I sat down with a certified water damage remediation professional to find out why it’s important to use properly qualified technicians and exactly what to do when water damage mitigation is necessary.
Abraham Martinez works as a project manager with a local cleanup and restoration company, and he has been trained extensively with the Institute of Inspection, Cleaning and Restoration Certification (IICRC). Abraham holds certifications in several areas to ensure every job is done correctly, safely, and up to IICRC standards:
- Applied Microbial Remediation
- Water Damage Restoration
- Fire and Smoke Restoration
- Odor Control
While it is nice to think everyone that works in your home is certified and properly trained, the truth is that many companies and employees are not certified. Proper certification is a source of pride and work ethic, but many companies also don’t furnish proof of certification unless asked. Abraham is rarely asked to provide his certifications.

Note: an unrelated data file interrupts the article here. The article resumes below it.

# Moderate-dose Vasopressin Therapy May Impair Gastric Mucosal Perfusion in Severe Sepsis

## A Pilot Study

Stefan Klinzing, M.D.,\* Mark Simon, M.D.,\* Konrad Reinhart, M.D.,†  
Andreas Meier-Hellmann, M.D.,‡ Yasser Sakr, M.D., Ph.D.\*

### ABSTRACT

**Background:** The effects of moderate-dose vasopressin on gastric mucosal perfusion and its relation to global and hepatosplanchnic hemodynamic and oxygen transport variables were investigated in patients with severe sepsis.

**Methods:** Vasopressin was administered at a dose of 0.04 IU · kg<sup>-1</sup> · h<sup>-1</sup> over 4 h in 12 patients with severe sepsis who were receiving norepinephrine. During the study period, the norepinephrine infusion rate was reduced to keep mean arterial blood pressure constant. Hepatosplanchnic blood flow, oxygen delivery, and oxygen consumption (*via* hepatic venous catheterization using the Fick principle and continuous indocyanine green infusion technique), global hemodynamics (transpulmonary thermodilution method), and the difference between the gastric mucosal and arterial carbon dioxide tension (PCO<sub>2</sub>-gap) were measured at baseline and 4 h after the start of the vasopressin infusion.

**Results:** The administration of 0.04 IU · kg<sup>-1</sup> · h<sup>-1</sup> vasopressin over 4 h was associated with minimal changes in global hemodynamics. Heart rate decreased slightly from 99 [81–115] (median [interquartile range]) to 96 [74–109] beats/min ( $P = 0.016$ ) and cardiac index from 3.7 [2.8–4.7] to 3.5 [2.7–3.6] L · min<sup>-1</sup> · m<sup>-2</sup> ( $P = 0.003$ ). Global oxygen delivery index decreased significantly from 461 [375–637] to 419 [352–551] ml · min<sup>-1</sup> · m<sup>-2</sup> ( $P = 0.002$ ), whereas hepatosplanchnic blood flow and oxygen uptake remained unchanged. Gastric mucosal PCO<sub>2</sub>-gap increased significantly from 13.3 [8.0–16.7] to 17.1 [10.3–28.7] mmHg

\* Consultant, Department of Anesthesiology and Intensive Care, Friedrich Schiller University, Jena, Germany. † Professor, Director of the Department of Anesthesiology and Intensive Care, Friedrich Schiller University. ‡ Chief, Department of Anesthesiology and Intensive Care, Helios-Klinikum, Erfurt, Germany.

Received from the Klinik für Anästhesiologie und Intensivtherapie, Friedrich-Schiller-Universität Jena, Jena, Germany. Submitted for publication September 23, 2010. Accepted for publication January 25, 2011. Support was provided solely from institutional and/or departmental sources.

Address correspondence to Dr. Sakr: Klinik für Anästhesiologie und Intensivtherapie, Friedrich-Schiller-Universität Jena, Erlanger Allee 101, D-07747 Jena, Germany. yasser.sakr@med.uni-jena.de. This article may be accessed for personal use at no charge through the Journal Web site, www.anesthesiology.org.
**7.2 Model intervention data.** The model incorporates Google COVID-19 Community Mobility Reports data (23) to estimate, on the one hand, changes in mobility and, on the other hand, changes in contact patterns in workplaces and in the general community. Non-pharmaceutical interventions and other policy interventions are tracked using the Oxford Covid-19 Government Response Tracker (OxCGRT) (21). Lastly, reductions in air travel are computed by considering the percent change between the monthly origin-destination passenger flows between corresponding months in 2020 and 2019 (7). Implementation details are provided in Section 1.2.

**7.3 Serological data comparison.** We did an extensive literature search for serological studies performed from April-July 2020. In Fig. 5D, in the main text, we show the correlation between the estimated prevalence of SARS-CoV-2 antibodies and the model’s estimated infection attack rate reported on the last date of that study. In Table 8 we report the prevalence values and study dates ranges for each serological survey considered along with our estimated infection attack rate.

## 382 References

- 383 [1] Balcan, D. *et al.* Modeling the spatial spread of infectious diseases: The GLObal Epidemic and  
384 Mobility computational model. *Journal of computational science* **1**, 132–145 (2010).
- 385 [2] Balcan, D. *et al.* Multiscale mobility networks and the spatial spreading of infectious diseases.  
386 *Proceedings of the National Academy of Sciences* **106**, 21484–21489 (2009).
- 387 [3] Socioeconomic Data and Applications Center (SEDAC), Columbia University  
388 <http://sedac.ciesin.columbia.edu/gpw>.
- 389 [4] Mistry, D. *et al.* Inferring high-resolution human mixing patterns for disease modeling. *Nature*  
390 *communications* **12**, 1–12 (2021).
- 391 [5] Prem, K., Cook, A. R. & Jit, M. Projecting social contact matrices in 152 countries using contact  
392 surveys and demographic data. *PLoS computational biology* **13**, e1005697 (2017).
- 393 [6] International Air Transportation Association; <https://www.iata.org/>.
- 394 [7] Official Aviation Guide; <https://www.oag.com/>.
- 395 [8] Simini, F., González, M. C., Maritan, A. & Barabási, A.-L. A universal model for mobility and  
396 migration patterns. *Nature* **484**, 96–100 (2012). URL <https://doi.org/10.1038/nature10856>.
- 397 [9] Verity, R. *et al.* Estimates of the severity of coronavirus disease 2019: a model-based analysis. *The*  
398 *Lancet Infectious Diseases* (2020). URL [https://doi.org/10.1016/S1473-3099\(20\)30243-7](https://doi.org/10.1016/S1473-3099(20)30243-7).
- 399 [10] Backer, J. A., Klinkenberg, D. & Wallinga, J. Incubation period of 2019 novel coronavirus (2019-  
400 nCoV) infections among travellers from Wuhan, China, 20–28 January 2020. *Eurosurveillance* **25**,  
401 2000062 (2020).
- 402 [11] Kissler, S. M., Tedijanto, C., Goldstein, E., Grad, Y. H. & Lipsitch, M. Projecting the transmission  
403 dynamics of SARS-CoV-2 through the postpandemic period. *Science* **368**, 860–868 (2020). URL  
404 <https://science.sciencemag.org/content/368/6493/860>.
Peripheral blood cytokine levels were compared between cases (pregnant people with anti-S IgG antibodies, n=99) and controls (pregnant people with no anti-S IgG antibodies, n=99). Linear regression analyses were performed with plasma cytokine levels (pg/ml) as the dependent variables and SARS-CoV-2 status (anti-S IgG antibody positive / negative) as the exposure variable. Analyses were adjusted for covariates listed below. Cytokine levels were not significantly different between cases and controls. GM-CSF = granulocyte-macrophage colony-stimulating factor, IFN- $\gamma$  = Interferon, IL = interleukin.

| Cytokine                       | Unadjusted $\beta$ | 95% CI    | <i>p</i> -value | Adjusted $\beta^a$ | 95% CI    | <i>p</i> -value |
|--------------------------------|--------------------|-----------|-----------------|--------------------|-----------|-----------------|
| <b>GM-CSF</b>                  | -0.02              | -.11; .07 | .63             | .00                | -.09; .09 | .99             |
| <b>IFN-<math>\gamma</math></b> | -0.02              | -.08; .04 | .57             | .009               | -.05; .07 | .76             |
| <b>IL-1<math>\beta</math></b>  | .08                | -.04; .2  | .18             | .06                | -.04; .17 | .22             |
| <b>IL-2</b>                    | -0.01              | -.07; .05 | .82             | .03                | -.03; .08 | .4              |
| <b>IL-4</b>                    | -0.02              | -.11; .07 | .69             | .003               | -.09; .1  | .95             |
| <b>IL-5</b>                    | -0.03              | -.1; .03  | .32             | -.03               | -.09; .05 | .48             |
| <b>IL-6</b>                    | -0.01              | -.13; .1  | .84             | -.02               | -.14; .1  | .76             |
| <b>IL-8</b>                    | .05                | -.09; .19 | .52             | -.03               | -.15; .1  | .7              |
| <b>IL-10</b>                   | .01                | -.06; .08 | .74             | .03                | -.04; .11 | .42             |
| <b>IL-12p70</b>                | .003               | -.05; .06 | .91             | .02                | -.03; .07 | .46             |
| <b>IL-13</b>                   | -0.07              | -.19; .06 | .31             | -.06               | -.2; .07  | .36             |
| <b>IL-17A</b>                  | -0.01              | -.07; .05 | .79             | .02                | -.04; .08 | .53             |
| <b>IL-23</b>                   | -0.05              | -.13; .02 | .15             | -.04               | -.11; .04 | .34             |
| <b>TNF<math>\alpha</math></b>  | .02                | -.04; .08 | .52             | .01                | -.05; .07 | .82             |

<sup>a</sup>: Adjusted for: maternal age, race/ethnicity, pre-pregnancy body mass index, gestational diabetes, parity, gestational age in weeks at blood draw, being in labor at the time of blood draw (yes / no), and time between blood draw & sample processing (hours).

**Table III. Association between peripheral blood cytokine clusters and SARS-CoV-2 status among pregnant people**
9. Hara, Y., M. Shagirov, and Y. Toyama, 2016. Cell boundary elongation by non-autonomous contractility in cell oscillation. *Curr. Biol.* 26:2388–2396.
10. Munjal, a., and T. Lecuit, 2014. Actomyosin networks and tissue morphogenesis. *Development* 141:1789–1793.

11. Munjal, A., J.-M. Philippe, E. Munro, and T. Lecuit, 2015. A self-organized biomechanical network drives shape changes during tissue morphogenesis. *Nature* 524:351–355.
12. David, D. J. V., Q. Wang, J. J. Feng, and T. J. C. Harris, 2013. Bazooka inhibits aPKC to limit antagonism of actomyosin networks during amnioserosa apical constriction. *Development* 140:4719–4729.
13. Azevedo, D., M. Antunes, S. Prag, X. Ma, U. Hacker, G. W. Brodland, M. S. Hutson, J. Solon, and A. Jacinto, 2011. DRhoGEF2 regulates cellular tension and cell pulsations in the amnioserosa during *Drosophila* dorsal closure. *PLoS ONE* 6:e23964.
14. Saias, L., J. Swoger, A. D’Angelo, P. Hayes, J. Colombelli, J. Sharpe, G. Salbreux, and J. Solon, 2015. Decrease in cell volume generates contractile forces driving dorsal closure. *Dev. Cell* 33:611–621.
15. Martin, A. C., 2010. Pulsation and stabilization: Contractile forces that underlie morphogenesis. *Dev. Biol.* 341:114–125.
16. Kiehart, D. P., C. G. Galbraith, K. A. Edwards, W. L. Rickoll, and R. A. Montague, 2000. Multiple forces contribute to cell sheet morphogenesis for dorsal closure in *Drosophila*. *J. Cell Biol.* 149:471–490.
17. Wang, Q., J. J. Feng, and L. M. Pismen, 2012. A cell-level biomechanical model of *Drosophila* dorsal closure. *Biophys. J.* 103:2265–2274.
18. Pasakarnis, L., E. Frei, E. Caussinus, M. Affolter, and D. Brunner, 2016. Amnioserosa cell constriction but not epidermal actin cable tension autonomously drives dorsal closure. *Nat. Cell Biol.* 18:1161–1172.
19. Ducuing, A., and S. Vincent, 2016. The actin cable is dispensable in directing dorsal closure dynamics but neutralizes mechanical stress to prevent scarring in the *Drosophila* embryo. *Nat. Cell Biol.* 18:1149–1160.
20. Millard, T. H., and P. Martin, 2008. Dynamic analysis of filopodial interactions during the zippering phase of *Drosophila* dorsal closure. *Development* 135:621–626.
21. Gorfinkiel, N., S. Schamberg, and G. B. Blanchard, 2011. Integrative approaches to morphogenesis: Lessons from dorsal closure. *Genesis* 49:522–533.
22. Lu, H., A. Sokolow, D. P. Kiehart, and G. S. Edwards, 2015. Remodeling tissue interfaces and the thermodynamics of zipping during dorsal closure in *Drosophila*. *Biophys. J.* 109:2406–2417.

Hopefully, you’ll never find yourself dealing with water damage, but if you do, keep reading for some important information direct from a pro.
The Importance of Credentials: IICRC Certification
The Institute of Inspection, Cleaning and Restoration Certification (IICRC) is an organization that creates the standards for the residential and commercial cleaning and disaster restoration industries, and it regularly improves on those standards as technology and science progresses.
The IICRC standards are backed by the American National Standards Institute (ANSI), an organization that oversees, verifies, and ensures adherence to standards created and adopted in the United States.